US to cancel lease on land sacred to Blackfoot Indian tribes
BILLINGS, Mont. (AP) — The Interior Department plans to cancel a long-suspended oil and gas drilling lease near Glacier National Park that's on land considered sacred to the Blackfoot tribes of the U.S. and Canada, according to court documents filed Monday.
Tribal leaders said such a move would make up for a wrong done to them in 1982, when the government issued the lease without consulting the tribes.
But the legal maneuvering in the case might not be over: The law firm representing the lease owner, Solenex LLC of Baton Rouge, Louisiana, said it would challenge any attempt to cancel the lease.
Government attorneys said the lease was improperly sold more than three decades ago, in part because an environmental study did not consider the impact of drilling on the tribes.
The U.S. Forest Service and Bureau of Land Management "failed to fully consider the effects of oil and gas development on cultural resources, including religious values and activities," the attorneys wrote.
The 6,200-acre lease is in northwestern Montana's Badger Two-Medicine area, which is the site of the creation story for the Blackfoot tribes of southern Canada and the Blackfeet Nation of Montana. It is just west of the Blackfeet Indian Reservation.
The lease could be cancelled as early as Dec. 11.
Solenex LLC sued the government in 2013 to force a decision after the dispute dragged on for decades. The case is before U.S. District Judge Richard Leon, who has expressed repeated frustration at how long it's taken for the government to resolve the issue.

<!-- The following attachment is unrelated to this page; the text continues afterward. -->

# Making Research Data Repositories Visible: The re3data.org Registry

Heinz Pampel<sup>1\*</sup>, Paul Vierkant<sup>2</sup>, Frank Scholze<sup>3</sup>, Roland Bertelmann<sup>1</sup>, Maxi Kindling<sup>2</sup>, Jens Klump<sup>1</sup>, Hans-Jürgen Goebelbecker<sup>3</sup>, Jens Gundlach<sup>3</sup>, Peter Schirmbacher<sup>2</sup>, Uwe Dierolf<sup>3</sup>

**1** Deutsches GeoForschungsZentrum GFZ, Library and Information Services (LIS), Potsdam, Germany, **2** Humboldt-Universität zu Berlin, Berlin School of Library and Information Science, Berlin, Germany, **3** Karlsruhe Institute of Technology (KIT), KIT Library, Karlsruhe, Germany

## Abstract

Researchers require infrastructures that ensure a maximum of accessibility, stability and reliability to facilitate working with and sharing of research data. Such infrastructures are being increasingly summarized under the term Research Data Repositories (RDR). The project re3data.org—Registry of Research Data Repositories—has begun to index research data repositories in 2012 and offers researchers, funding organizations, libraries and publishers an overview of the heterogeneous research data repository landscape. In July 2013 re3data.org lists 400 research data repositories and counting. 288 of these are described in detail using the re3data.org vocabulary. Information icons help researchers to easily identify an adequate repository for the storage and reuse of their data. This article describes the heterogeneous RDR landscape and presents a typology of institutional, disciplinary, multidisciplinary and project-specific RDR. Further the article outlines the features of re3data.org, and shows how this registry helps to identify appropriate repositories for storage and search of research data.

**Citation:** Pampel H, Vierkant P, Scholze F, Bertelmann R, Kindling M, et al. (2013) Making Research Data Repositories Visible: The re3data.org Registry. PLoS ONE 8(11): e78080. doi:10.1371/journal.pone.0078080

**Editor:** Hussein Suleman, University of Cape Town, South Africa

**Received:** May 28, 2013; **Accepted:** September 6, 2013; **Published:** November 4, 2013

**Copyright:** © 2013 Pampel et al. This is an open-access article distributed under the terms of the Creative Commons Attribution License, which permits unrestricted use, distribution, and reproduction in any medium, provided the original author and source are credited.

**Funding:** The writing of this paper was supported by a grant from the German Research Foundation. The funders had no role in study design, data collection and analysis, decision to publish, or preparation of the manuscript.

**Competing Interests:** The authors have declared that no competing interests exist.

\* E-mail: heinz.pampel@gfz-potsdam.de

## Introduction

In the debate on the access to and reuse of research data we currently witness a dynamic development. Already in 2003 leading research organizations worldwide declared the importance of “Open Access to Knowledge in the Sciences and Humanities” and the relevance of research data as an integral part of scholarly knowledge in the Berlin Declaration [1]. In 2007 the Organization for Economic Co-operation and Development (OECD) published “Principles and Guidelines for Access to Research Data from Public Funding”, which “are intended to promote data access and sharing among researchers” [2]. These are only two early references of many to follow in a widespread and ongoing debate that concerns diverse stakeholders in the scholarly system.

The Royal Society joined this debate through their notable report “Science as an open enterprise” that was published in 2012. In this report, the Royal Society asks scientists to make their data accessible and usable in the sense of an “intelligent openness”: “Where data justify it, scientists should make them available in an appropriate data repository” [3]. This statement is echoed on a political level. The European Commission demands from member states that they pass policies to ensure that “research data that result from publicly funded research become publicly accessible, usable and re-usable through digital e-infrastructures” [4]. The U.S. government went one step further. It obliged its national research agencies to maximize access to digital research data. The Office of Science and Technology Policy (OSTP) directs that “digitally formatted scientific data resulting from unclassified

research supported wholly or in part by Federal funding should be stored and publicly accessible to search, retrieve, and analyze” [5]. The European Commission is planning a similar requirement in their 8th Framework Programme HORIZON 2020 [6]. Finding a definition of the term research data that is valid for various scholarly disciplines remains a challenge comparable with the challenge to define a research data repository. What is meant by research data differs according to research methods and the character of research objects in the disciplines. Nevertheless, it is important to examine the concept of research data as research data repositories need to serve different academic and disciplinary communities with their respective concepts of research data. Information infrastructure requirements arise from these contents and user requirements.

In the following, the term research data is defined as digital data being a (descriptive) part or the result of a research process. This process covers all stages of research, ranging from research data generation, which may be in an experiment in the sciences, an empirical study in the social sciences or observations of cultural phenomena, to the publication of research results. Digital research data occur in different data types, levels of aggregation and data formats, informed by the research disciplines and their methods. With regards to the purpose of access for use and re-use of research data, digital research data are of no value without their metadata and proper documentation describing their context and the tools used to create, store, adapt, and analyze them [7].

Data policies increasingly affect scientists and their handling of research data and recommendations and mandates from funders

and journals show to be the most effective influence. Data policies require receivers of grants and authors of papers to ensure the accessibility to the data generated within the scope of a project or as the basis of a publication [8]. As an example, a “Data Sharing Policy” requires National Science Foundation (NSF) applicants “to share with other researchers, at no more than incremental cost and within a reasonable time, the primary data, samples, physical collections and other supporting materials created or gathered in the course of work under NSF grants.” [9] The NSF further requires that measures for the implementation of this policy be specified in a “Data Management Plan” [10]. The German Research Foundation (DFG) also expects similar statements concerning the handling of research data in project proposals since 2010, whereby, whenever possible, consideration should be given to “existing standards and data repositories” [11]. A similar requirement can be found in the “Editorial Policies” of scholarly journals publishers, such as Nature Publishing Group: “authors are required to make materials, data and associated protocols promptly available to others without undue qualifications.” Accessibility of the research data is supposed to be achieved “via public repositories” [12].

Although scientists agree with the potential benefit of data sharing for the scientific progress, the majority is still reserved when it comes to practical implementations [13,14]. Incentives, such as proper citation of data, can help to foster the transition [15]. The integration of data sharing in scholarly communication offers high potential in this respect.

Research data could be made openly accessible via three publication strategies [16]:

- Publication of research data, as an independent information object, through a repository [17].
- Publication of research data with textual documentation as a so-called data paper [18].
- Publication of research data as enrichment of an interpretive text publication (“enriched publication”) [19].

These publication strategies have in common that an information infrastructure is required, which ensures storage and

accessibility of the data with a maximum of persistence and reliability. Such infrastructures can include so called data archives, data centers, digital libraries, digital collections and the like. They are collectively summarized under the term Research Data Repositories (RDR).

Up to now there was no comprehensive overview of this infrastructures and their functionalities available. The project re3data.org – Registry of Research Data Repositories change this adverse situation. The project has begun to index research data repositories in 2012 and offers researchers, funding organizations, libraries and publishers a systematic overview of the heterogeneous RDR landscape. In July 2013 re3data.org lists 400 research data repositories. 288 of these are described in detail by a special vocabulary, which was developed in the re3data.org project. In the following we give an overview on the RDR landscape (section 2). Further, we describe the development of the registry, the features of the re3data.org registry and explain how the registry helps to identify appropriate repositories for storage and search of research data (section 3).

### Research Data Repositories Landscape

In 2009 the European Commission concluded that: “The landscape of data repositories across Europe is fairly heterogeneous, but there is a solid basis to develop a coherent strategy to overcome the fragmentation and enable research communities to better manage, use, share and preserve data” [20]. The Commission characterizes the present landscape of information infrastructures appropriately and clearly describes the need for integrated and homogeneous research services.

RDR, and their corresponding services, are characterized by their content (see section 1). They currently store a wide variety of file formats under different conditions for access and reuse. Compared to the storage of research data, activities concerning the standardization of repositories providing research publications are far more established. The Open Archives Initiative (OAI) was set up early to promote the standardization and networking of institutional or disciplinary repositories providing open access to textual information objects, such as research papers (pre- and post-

"The government does not have the legal authority to cancel the lease," said William Perry Pendley with the Mountain States Legal Foundation, which is representing Solenex.
Blackfeet leaders said Monday's court filing confirmed their view that drilling could not be done without disturbing the spiritual power of the Badger Two-Medicine, located within the Lewis and Clark National Forest.
"Badger Two-Medicine is too sacred to develop," Blackfeet Nation Chairman Harry Barnes said in a statement. He thanked the Obama administration for moving to permanently protect a site that he said "is like a church — a divine sanctuary — to our people."
Dozens more oil and gas leases were originally sold in the area, but over the years, most were retired or surrendered by their owners.
Monday's court filing did not address the fate of 17 remaining leases in the area. Most of those are held by Devon Energy of Oklahoma, according to Forest Service officials.